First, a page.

Christiane Holz, the remuneration expert of the Deutsche Schutzvereinigung fur Wertpapierbesitz (DSW), also considers the figures "in need of explanation." "This could be a topic for the Annual General Meeting," she says. It will be held on June 22 in Frankfurt am Main. Overall, it sees Deutsche Wohnen’s management board compensation "in the midfield of comparable companies" – measured by the absolute amount, not the high rates of increase.

The role of former CFO Andreas Segal, a former GSW board member, seems odd. Shortly after the takeover, he became CFO at Deutsche Wohnen, while his co-board member from GSW, Jorg Schwagenscheidt, left – reportedly in protest at the demise of GSW.

An old acquaintance sits on the supervisory board: Wolfgang Clement, one of the most vehement advocates of privatization.

A former GSW executive says Segal’s job of organizing the takeover quietly was done and they had no real use for him anymore. Deutsche Wohnen already had a chief financial officer in Lars Wittan. Andreas Segal, who did not remain unemployed for long and started working for the Austrian housing group "Buwog" just a few weeks later, could not or would not answer inquiries from the taz.

No comment

The Berlin Senate Department for Urban Development also did not want to comment on the increase in pay. Segal became CFO at GSW when the state of Berlin still had influence on the company through the supervisory board. One does not express oneself to executive committee salaries of privately managed enterprises, says speaker Martin Pallgen. Deutsche Wohnen’s press office states: "The system and level of remuneration for the Deutsche Wohnen Management Board are determined by the Supervisory Board, which acts in accordance with stock corporation law and the requirements of the German Corporate Governance Code.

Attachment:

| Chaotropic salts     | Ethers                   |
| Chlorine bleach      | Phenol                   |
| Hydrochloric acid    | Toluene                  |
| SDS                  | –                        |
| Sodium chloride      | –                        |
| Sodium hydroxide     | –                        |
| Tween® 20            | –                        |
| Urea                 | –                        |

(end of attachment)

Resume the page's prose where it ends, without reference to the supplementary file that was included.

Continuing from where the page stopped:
An old acquaintance from politics sits on the Supervisory Board, the former "super minister" of the red-green federal government, Wolfgang Clement. He, too, did not answer any of the taz’s questions about compensation. On the question of whether Segal had to leave because there was no further use for him, Clement said through his spokesperson: "You can’t seriously expect an answer to an obviously absurd question."

It is fitting that Clement, of all people, who left the SPD in 2008, sits on the supervisory board. During Gerhard Schroder’s chancellorship, he was one of the most vehement advocates of privatizing public companies and a so-called lean state.

In this context, questions about executive board salaries are appropriate. In 2014, when the Board of Management and Supervisory Board sought shareholder approval for the new compensation system, they received only a razor-thin majority of 51.98 percent. This was a clear vote of no confidence; such a close result is extremely rare at AGMs. Deutsche Wohnen has demanding shareholders who traditionally ask critical questions: Major shareholders include U.S. asset manager Blackrock and the Norwegian sovereign wealth fund.

The board members currently have plenty to draw from, the employees less so. Next year, the old collective bargaining agreement for the GSW employees who have been taken over will expire. They will then be relegated to the lower Deutsche Wohnen pay scale.